Ettie Annie Rout

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Ettie Annie Rout
Ettie Annie Rout - Project Gutenberg eText 16135.jpg
Ettie Annie Rout from the frontispiece of Safe Marriage: A Return to Sanity
Born 24 February 1877
Launceston, Tasmania
Died 17 September 1936(1936-09-17) (aged 59)
Rarotonga, Cook Islands
Other names Ettie Hornibrook
Known for preventing sexually transmitted disease amongst soldiers

Ettie Annie Rout (24 February 1877 – 17 September 1936) was a Tasmanian-born New Zealander whose work among servicemen in Paris and the Somme during World War I made her a war hero among the French, yet through the same events she became persona non grata in New Zealand. She married Fred Hornibrook on 3 May 1920, after which she was Ettie Hornibrook. They had no children and later separated, and she died, and is buried in the Cook Islands.

Life[edit]

Born in Launceston, Tasmania, Australia, she was raised in Wellington, New Zealand from 1884. After leaving school, she became a shorthand typist for commissions of inquiry and the then Supreme Court (now the High Court, and not to be confused with the present Supreme Court). Biographers believe this job gave her a wide range of experiences on social issues. She was later a reporter, businessperson, and writer, but most importantly, she was a campaigner on sexually transmitted infections.

Ettie Rout's experiences founding a volunteer nursing group during World War I, the New Zealand Volunteer Sisterhood, made her aware of the prevalence of STI among servicemen. By 1917, the New Zealand Army had made free distribution of her safe sex kit compulsory. It was for work in Paris, inspecting brothels and recommending them to arriving servicemen, and in the Somme, that she was decorated by the French. In 1917 she and several other New Zealand nurses were Mentioned in Despatches by General Sir Archibald Murray[1]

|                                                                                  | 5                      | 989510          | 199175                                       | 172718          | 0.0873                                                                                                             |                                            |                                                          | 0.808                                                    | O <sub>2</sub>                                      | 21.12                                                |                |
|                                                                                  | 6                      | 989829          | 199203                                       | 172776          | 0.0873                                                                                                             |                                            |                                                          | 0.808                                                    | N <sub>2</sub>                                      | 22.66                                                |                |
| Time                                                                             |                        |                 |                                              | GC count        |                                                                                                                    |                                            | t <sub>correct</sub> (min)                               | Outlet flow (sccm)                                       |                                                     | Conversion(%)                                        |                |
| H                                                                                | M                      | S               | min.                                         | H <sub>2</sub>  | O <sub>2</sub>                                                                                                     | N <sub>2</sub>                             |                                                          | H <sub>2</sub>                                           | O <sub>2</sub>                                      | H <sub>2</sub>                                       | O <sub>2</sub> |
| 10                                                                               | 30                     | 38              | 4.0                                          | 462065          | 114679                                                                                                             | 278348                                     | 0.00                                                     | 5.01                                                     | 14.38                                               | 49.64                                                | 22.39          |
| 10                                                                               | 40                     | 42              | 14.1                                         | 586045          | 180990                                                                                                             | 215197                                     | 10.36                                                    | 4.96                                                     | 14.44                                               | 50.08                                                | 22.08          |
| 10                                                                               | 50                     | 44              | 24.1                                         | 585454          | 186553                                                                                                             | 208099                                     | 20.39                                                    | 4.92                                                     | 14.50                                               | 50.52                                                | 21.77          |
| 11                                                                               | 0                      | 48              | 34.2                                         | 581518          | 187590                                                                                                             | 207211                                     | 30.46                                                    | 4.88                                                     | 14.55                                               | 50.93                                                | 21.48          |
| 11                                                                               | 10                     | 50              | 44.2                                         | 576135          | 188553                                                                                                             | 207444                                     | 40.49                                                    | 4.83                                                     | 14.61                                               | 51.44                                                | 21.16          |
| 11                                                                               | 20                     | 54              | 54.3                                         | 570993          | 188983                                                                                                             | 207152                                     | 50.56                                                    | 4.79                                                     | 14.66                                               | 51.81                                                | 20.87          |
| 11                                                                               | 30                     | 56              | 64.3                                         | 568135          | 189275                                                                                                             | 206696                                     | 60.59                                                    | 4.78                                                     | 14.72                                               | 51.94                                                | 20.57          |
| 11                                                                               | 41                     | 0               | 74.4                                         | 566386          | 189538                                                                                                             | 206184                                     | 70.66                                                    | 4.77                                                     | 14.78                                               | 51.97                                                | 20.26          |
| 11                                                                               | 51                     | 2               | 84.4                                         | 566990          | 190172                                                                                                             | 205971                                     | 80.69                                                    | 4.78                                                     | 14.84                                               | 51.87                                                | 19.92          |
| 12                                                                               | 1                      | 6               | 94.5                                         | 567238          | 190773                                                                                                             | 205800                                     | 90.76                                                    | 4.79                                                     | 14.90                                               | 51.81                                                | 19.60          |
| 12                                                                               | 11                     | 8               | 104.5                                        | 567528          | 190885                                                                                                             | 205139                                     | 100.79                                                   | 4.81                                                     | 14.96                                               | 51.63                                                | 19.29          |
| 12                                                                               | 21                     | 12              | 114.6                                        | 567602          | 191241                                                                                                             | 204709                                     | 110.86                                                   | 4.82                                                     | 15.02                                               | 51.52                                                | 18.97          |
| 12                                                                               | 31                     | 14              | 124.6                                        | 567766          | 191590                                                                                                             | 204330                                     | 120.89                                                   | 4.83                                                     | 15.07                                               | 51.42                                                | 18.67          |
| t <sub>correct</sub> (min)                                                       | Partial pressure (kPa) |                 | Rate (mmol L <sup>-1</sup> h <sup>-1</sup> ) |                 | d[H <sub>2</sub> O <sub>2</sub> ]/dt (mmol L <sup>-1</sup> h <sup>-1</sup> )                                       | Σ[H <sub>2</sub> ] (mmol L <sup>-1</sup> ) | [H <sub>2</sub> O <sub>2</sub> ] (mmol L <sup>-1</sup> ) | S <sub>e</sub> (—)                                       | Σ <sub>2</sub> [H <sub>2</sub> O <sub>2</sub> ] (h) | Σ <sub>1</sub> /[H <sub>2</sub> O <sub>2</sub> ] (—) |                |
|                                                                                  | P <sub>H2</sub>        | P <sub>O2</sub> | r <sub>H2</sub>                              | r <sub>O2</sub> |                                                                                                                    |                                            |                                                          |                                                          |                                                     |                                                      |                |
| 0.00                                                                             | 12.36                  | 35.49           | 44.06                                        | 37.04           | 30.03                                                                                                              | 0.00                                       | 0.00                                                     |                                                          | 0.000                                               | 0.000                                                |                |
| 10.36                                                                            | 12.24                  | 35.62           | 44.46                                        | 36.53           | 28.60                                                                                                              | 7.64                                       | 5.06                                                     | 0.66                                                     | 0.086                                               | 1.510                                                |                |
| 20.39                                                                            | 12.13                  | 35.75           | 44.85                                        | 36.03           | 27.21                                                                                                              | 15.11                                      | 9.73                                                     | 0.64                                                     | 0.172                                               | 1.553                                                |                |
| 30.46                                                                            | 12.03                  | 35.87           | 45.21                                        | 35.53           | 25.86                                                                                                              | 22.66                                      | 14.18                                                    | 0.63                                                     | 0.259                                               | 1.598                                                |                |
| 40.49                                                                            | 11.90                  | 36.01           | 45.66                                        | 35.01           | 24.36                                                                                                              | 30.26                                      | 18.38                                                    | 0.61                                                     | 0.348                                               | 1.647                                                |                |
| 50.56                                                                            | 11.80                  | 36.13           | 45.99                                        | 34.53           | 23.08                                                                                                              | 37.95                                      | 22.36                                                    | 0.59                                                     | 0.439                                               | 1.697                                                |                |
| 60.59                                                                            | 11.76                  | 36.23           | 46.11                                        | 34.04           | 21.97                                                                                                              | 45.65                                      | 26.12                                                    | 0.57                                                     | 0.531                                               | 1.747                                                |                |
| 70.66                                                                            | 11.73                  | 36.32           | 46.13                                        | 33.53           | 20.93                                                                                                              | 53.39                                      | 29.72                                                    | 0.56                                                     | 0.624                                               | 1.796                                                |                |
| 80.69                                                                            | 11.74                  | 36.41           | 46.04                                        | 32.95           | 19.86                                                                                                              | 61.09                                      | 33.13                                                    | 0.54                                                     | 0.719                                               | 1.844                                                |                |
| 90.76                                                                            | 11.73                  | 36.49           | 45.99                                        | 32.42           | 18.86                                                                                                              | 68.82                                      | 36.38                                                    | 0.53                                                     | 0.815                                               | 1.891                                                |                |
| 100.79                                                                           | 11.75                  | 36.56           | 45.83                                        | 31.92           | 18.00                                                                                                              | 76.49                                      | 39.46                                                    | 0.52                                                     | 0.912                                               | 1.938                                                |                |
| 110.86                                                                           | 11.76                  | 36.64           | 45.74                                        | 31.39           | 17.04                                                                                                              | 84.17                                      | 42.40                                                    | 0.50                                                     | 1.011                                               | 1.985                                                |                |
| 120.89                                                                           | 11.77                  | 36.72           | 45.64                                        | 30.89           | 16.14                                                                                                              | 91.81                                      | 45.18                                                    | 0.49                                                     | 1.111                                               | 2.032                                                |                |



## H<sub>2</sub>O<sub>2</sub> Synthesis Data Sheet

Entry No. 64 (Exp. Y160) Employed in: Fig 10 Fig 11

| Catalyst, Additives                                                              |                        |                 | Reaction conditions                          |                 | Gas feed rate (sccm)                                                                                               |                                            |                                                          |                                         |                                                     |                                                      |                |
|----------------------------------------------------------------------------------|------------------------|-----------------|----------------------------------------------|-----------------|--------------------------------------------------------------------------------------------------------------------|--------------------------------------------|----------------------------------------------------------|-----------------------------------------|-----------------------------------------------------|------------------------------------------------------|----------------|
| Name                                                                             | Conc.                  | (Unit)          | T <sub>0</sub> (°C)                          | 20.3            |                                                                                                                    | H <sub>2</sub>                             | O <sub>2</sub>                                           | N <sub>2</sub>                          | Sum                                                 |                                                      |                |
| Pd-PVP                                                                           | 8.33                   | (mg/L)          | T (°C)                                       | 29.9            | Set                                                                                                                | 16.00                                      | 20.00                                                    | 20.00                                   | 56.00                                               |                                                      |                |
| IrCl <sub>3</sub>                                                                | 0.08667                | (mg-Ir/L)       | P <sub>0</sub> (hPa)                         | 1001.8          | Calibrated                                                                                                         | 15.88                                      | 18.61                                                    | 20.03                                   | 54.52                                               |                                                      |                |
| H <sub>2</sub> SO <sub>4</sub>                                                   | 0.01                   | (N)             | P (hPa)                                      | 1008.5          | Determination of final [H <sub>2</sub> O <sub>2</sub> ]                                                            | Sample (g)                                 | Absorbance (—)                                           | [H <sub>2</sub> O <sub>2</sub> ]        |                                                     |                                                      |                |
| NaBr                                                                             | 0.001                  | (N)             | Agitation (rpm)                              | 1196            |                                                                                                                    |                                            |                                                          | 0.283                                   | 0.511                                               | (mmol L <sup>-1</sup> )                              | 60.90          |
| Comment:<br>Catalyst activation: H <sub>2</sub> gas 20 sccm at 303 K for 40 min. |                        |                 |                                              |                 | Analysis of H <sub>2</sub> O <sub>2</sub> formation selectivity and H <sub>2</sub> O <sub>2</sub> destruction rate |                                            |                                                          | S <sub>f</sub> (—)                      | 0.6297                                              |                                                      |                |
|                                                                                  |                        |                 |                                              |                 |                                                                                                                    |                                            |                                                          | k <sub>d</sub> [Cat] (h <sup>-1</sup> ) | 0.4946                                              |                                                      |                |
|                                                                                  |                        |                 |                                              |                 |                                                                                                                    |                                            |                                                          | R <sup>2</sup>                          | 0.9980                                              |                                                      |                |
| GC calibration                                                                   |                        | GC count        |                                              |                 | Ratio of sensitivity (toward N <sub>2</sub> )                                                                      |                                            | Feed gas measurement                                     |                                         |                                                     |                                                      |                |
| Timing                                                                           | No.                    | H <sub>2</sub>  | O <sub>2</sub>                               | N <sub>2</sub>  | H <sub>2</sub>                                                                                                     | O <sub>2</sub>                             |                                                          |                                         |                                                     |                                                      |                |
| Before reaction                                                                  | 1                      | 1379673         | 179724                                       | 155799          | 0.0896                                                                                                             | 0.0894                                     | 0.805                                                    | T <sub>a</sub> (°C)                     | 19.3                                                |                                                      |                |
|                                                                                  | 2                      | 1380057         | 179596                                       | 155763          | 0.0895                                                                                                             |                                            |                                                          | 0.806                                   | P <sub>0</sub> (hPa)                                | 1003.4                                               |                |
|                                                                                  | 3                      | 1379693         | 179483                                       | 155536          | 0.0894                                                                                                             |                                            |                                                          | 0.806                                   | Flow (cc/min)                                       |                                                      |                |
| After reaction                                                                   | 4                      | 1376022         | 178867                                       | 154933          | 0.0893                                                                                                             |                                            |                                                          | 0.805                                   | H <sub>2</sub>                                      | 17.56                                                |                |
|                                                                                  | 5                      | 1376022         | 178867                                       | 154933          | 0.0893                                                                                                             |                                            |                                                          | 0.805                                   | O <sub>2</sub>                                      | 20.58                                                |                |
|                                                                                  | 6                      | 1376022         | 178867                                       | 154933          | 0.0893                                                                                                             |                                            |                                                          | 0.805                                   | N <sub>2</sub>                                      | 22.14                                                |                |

Ironically, in New Zealand, her exploits were considered such that her name, on pain of a £100 fine, could not be published. However though, her activities could be published.[citation needed]

Similar ironies were found overseas; her 1922 book, Safe Marriage: A Return to Sanity, was banned in New Zealand, but published in both Australia and Britain. In the latter, it was a best-seller. However, in the House of Lords, a bishop called her 'the wickedest woman in Britain.[2][3]

Death and legacy[edit]

Rout died as the result of a quinine overdose in Rarotonga in the Cook Islands following her sole postwar return to New Zealand in 1936. She is interred at an Avarua church cemetery. In 1992, Jane Tolerton wrote her biography, and more recently, she has been more critically perceived as a "White Australasia" apologist in Phillippa Levine's account of contagious disease legislation within the late nineteenth century British Empire.[4][5]

In 1983 an episode of the New Zealand television series Pioneer Women dramatised her story.[6]

References[edit]

  1. ^ "Kai Tiaki : the journal of the nurses of New Zealand, Volume X, Issue 4, October 1917, Page 199". PapersPast. Retrieved 13 March 2012. 
  2. ^ Oxford Dictionary of National Biography: Rout, Ettie Annie
  3. ^ No such quote can be found in http://hansard.millbanksystems.com/search/
  4. ^ Phillippa Levine (2003), Prostitution, Race and Politics: Policing Venereal Disease in the British Empire:, New York, Routledge, ISBN 0-415-94447-3
  5. ^ Jane Tolerton (1992), Ettie: A Life of Ettie Rout, Auckland, Penguin, ISBN 0-14-017216-5
  6. ^ "Pioneer Women - Ettie Rout". Pioneer Women. TVNZ via NZ On Screen. Retrieved 1 January 2012. 

External links[edit]